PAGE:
As a little girl, Alex Howell dreamed of becoming an Olympic gymnast, but in her freshman year at Westminster she decided to take on a new high-flying sport, pole vault.
Two weeks ago at the Frostbite Invitational, she vaulted a school-record 11 feet, 1 inch. That height would have won the state title in three of four classifications last winter.
At the Frostbite meet, the junior also set a school long jump record of 14 feet, 4 inches to finish seventh and matched her personal best in the 55-meter dash.
Howell, who has a 3.89 weighted GPA, wants to pole vault in college. She has qualified for the New Balance Nationals Indoor meet March 14-16 at The Armory in New York City.
How did you start pole vaulting?
I used to do gymnastics and my coach Cathy Phillips, when I was thinking about quitting gymnastics, recommended that I should try pole vault.
What intrigued you about trying it?
I was running track at the time, and a lot of gymnasts when they quit, they get into pole vaulting. It takes a lot of upper body strength, and that's the same thing with gymnastics.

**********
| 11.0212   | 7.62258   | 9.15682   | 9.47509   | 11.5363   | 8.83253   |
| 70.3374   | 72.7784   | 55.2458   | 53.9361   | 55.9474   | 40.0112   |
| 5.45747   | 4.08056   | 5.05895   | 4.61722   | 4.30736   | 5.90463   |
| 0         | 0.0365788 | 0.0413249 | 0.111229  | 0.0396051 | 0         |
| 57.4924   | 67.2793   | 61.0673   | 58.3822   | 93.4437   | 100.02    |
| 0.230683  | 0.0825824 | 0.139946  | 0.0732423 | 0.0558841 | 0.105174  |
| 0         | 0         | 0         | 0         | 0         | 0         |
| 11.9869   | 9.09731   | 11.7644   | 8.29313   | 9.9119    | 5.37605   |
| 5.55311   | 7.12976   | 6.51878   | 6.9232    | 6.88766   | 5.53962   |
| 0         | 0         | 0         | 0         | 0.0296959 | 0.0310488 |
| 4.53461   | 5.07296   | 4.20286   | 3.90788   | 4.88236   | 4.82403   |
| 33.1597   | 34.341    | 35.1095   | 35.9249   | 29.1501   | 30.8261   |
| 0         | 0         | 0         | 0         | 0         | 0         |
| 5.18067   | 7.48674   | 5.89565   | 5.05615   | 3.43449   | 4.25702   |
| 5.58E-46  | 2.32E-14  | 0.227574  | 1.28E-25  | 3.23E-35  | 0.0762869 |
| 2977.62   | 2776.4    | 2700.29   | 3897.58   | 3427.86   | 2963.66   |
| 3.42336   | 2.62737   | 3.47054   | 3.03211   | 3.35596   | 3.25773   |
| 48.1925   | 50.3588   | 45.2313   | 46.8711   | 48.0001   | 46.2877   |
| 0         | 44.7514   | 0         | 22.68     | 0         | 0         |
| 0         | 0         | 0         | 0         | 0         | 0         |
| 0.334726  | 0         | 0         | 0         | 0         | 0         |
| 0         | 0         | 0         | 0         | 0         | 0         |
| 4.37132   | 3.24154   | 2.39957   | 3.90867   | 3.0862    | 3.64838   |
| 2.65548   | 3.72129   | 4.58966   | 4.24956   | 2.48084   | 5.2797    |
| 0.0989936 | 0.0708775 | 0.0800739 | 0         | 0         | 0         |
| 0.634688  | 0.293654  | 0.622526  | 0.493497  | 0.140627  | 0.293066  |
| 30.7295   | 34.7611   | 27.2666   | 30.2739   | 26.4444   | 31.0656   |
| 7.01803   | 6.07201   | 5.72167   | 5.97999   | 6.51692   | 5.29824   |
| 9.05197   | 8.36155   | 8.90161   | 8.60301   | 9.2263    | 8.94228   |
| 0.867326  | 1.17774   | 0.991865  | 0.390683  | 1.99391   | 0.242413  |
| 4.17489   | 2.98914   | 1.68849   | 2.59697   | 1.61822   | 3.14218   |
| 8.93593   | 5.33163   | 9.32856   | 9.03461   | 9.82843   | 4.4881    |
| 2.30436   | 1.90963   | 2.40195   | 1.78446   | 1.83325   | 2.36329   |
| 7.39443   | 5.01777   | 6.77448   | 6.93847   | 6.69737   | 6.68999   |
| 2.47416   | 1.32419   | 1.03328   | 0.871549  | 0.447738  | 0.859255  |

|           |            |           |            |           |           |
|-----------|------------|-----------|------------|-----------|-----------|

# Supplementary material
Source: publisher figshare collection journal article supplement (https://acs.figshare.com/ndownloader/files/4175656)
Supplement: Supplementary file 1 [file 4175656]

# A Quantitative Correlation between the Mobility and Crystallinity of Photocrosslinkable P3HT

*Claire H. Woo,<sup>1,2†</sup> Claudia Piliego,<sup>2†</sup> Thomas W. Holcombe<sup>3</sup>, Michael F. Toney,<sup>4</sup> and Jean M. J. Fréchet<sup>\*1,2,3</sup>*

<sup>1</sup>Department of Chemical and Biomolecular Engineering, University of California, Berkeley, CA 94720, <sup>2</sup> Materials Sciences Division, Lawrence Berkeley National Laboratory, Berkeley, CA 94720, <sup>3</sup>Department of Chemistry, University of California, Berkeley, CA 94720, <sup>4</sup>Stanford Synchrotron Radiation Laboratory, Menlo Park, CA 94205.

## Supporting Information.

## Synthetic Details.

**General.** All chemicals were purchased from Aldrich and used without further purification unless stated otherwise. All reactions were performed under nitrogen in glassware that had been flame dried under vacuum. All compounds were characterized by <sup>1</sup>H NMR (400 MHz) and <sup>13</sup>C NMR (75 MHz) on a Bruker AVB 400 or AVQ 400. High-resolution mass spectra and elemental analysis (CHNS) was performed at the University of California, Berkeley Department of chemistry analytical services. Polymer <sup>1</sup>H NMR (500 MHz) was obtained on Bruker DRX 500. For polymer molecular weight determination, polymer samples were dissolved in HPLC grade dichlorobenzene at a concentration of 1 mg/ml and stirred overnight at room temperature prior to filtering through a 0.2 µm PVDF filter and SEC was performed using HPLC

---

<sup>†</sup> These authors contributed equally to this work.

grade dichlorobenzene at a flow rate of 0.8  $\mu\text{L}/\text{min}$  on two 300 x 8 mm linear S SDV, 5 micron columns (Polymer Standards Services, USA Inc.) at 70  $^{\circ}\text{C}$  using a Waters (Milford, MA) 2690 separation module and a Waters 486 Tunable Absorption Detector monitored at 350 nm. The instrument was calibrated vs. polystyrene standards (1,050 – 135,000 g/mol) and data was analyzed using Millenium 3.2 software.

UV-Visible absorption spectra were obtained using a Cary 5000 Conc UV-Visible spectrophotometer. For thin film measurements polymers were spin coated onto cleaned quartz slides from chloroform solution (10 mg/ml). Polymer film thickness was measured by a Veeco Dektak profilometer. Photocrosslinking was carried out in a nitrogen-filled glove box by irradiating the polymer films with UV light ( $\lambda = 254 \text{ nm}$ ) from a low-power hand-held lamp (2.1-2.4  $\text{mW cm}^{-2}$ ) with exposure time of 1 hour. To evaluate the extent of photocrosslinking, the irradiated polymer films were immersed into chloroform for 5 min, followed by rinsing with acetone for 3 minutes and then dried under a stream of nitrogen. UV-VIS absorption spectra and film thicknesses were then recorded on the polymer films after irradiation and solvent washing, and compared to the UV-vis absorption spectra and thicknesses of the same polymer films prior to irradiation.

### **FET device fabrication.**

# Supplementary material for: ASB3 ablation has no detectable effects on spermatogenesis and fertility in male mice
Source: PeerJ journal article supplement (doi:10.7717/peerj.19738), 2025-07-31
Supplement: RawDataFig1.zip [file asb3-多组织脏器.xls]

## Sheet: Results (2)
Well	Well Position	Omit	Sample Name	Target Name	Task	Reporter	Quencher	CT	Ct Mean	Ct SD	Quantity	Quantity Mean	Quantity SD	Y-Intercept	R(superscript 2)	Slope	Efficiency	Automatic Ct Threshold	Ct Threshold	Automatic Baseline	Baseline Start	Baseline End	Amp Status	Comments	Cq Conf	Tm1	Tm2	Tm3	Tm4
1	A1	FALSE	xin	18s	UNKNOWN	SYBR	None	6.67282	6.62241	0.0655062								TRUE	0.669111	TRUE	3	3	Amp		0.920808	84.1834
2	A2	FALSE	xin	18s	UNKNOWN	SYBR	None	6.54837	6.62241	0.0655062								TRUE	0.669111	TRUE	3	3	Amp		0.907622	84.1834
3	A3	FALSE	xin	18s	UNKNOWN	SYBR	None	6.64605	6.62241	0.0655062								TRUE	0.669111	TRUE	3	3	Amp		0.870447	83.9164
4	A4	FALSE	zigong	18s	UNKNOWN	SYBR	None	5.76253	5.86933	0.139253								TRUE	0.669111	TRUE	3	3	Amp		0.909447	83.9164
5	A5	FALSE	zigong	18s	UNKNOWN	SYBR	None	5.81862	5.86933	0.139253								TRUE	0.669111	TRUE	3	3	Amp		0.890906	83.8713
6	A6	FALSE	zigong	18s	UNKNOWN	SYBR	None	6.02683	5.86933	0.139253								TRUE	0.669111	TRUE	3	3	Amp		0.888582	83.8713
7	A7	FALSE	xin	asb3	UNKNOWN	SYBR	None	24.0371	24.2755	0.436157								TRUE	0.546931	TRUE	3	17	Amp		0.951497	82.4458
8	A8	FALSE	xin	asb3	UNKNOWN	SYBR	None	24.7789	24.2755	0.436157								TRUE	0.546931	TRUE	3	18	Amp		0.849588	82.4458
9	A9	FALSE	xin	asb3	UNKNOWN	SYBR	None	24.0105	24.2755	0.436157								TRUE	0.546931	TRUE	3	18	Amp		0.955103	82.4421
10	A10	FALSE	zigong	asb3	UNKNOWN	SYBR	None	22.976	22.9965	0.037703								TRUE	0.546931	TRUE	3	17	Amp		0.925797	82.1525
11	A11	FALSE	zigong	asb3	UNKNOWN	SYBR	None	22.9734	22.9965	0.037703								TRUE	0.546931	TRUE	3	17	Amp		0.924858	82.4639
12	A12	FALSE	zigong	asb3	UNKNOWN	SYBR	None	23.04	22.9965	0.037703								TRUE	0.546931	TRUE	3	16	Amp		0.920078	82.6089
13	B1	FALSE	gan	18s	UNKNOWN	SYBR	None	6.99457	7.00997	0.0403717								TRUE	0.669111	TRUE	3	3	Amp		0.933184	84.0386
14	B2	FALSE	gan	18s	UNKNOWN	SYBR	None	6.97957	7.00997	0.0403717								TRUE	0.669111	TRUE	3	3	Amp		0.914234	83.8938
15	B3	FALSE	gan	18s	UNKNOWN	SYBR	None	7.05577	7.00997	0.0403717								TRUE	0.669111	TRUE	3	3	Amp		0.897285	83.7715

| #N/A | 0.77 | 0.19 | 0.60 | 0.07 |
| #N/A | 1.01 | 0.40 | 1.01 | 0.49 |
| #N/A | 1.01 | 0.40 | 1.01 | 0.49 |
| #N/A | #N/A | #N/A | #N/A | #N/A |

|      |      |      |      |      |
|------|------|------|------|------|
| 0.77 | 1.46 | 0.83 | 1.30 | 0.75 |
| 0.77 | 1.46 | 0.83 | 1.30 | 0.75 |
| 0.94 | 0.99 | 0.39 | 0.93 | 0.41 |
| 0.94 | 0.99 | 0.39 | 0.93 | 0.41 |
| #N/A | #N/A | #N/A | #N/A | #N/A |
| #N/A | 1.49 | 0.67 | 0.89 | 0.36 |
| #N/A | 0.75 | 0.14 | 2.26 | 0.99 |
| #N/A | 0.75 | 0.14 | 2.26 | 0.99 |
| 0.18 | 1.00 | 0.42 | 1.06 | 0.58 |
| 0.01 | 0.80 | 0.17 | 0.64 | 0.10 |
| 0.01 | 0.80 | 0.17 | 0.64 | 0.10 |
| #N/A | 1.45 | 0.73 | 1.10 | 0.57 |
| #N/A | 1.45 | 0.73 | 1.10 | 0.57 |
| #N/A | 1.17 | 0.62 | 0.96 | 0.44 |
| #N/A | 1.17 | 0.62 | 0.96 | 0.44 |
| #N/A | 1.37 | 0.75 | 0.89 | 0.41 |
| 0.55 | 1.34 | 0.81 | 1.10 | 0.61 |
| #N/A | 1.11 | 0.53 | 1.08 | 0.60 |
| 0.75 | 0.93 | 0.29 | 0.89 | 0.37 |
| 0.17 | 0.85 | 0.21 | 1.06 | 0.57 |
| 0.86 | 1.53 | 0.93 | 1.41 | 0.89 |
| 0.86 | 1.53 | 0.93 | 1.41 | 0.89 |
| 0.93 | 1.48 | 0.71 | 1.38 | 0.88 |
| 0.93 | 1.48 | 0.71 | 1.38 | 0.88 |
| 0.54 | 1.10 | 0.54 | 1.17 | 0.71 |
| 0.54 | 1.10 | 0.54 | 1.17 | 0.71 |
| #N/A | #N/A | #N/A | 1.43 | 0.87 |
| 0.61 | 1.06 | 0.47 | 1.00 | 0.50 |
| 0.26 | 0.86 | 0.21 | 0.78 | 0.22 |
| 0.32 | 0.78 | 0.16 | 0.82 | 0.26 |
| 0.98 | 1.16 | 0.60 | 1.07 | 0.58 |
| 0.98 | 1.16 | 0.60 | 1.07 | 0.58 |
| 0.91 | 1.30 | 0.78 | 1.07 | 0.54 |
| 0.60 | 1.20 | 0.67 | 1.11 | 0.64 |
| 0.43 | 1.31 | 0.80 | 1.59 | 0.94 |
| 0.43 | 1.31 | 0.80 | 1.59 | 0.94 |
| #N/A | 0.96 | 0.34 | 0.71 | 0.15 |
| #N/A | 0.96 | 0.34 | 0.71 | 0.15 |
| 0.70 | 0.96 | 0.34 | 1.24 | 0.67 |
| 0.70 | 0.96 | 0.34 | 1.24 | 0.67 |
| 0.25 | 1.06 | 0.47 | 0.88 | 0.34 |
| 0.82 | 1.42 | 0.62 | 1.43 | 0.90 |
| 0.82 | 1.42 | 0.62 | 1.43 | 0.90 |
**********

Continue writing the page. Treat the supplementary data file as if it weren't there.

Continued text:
Why did you quit gymnastics?
It was just getting to be too much. It was 20 hours a week, and that was a lot with school. And I had injured my knee in gymnastics, and I didn't want that to happen again. I wanted to try something new.
I was doing a skill on floor. It's like a back flip where you do a full twist, and I dislocated my knee cap. I had to be on crutches for a while, and I did not like that at all.
What do you enjoy most about pole vaulting?
It's just a lot of fun flying through the air.
Why did you decide to run track as a freshman?
During middle school when we'd have the races in gym class, I liked doing that because I was one of the faster kids, and I wanted to try track because some of my friends are doing it. Then I saw pole vault, and I was like, "Oh, wow. That looks like a lot of fun."
What's your goal for this season?
My goal was 11 feet, so now that I've reached that, it's 11-6.
What do you have to do to get better in this sport?
It's just a lot of practice and upper body strength.